Current Hog-Nosed Skunk Research

Skunk digging
Motion triggered trail cameras allow biologists to study skunk behavior, such as this skunk digging for buried insects.

NPS Brandon Holton

 

First seen in the Grand Canyon in 2012, the American hog-nosed skunk is considered a new species for Grand Canyon National Park. Seen along the Colorado River, little is known of the ecology of these animals within the Park. Current research using infrared trail cameras is aimed at determining the population size and distribution of these animals in riverine habitat along the Colorado River.

Historically occupying southern Arizona, the presence of American hog-nosed skunks in the Grand Canyon is a hopeful sign for the species, especially in light of declines in other regions. Traditionally found from Central America to southern Colorado, populations of American hog-nosed skunks have declined in recently years due to habitat loss and fragmentation. This species has disappeared from places it inhabited, including Colorado, northern New Mexico, and Oklahoma. While the American hog-nose skunk is experiencing population declines, little is known about its total distribution and population size. Studying the hog-nosed skunks in the Grand Canyon will help park biologists better understand this new species for the Park. It will also help biologists across its North American range better understand the ecology of hog-nosed skunks, and how better to conserve this species.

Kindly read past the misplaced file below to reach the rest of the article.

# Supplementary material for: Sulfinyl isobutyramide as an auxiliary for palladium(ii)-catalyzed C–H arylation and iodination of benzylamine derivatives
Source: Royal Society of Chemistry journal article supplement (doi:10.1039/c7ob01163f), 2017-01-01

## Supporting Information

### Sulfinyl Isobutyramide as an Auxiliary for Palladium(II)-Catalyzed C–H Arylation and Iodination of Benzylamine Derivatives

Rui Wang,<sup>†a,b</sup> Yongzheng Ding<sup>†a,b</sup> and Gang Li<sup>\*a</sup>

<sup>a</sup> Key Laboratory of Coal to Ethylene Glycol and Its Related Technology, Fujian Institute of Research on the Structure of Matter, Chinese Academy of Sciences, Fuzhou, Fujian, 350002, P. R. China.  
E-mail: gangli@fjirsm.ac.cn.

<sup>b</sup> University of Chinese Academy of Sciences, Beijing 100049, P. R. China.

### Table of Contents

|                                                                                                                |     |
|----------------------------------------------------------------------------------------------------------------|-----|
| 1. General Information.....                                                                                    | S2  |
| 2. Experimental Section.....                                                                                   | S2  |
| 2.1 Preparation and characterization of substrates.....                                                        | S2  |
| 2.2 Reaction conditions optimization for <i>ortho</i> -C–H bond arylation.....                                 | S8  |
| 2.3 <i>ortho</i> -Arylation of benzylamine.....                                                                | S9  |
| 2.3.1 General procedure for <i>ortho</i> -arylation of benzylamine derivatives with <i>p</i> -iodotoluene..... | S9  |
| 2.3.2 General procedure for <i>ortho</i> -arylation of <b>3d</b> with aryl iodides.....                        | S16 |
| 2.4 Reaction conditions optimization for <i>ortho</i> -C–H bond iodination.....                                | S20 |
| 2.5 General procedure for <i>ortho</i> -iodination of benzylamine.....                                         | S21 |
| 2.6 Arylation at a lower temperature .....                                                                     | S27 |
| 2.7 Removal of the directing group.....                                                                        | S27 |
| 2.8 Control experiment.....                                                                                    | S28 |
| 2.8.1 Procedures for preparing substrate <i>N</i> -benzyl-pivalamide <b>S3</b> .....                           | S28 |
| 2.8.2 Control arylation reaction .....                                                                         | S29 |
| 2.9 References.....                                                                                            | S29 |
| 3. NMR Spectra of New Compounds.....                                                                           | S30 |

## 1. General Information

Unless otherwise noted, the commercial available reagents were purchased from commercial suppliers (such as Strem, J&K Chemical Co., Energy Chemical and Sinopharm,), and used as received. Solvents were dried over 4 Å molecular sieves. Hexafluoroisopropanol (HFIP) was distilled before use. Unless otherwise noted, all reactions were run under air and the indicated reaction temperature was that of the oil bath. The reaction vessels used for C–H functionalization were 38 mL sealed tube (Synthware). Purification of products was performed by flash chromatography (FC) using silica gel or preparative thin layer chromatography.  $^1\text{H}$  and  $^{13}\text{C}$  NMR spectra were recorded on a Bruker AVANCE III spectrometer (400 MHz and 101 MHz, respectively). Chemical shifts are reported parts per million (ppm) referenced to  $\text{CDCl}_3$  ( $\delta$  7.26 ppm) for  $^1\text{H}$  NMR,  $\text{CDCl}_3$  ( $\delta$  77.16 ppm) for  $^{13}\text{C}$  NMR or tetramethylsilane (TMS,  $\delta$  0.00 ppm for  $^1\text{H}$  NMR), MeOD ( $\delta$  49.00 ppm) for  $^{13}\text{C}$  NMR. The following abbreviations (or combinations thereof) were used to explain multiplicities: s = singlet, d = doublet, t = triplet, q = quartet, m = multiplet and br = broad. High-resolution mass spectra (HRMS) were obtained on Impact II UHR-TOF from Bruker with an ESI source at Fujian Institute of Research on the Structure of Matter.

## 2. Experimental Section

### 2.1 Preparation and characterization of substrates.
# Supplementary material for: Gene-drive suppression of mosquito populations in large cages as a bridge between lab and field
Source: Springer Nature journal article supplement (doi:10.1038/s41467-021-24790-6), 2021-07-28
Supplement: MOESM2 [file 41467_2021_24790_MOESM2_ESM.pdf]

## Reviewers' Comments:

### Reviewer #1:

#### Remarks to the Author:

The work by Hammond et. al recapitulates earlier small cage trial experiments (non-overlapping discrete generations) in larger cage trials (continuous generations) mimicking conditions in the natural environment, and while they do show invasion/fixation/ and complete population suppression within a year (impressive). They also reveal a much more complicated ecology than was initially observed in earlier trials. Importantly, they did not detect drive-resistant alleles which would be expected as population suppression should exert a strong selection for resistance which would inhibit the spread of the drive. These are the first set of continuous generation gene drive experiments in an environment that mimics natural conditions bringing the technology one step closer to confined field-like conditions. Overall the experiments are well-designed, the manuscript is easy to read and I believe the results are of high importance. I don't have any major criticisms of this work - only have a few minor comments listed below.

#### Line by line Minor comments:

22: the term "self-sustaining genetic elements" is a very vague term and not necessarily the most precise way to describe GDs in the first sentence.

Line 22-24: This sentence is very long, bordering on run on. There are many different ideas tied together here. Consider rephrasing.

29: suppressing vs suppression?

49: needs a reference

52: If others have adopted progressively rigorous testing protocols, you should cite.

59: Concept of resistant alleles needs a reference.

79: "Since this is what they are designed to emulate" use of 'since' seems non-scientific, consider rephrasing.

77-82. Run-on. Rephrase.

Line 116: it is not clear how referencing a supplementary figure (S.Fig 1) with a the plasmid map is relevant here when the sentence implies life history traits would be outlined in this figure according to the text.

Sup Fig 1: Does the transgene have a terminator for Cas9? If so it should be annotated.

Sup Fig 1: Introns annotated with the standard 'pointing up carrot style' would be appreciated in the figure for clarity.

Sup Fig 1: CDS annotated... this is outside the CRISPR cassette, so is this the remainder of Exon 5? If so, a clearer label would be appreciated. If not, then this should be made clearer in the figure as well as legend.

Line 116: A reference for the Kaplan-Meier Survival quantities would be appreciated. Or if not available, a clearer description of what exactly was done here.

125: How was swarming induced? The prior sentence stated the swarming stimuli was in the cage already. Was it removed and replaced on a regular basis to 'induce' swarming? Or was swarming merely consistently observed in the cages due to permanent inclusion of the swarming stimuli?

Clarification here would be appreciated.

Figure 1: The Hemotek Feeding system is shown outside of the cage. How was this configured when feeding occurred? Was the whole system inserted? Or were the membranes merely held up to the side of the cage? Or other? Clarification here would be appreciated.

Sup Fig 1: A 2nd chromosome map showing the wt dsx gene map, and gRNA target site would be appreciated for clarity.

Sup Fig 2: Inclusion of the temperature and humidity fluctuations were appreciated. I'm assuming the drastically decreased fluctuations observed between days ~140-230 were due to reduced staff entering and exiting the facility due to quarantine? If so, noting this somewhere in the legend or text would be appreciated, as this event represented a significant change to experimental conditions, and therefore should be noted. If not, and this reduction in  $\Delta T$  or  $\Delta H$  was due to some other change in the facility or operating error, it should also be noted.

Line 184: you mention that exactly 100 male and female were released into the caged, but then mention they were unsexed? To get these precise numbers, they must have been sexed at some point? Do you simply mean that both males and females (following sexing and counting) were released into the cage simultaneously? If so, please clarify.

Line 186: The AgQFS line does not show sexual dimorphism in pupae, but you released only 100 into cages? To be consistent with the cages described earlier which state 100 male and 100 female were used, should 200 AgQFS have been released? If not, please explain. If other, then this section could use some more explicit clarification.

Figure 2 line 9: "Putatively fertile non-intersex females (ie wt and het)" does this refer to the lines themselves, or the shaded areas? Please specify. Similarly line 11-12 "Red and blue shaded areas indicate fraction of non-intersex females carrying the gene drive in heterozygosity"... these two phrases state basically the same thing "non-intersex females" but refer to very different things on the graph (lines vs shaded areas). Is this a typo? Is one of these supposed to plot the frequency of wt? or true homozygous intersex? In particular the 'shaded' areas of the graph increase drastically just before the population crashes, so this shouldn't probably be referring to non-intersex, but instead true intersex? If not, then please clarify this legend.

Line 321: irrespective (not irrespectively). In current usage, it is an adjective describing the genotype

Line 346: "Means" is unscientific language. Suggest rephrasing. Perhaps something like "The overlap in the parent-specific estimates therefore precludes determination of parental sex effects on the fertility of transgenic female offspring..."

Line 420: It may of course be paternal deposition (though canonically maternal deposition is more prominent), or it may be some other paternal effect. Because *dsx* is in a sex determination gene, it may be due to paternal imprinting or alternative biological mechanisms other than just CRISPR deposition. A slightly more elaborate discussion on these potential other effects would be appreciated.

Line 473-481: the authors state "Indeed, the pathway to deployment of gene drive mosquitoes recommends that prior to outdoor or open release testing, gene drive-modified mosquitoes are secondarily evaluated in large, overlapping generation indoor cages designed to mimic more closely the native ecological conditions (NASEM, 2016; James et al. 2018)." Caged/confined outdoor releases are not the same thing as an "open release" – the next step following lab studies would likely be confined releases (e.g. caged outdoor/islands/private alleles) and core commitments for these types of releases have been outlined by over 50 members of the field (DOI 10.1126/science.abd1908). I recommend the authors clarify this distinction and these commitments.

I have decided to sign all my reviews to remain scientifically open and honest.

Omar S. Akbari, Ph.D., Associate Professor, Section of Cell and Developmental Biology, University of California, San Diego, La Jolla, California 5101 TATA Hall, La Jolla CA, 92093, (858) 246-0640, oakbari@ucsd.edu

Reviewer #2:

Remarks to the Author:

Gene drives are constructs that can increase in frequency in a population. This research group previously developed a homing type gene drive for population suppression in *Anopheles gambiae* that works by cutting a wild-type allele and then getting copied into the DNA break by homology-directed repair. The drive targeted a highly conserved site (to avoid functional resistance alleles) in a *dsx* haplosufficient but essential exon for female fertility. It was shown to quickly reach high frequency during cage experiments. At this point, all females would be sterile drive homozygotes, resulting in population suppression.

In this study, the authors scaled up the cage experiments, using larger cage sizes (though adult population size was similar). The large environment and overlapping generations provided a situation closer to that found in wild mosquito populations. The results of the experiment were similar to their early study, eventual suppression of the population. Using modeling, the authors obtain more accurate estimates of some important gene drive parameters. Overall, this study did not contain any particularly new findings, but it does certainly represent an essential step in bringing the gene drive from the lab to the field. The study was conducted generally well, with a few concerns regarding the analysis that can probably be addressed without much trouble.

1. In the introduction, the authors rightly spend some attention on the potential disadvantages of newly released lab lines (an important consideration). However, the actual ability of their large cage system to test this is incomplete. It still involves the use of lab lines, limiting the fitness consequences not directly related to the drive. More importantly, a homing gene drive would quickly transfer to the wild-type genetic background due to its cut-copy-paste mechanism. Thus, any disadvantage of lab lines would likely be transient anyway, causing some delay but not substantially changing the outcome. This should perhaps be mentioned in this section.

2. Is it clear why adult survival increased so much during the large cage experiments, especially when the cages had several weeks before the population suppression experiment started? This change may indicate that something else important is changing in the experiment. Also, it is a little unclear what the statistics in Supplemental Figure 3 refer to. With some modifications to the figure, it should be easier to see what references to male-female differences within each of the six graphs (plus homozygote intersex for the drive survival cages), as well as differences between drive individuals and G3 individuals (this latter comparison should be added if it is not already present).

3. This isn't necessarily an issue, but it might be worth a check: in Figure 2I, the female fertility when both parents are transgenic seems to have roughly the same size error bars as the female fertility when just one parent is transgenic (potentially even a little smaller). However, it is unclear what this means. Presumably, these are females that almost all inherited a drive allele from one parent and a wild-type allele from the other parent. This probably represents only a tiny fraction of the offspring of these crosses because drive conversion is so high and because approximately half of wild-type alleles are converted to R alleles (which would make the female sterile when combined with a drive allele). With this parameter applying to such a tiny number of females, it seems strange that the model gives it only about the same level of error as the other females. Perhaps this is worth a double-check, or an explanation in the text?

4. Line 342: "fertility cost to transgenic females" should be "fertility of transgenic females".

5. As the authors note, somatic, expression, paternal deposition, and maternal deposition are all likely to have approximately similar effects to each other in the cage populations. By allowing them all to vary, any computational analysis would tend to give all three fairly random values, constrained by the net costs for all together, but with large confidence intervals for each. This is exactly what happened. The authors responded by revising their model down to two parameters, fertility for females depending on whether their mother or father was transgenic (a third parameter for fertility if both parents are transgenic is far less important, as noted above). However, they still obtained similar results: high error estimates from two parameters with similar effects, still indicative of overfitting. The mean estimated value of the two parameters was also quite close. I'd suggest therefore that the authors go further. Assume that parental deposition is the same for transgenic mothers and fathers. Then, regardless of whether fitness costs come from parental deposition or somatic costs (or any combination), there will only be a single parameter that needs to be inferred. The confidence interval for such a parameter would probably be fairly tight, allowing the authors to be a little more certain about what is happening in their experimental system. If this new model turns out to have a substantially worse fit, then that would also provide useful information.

To study the hog-nose skunk in Grand Canyon, park biologists use a network of infrared trail-cameras. These cameras are set up in areas along the river that are believed to be preferred hog-nosed skunk habitat. 25 cameras in the network are triggered to take a photograph when an animal moves in front of them. Left in place for months or years, this camera network will collect thousands of photographs, including hog-nosed skunks and other important Grand Canyon species within the river corridor.

Photographs will allow park biologists to determine areas along the river that are home to hog-nosed skunks, and estimate the number of hog-nosed skunks found along the Colorado River through Grand Canyon. Park biologists plan to monitor this population across multiple years, allowing biologists to better understand population trends of skunks in the Grand Canyon.

Whether it is a new arrival to the Grand Canyon or has been overlooked in the past, the American hog-nosed skunk is a species undergoing change, and a pivotal species to Grand Canyon's ecosystem.

Last updated: May 19, 2016

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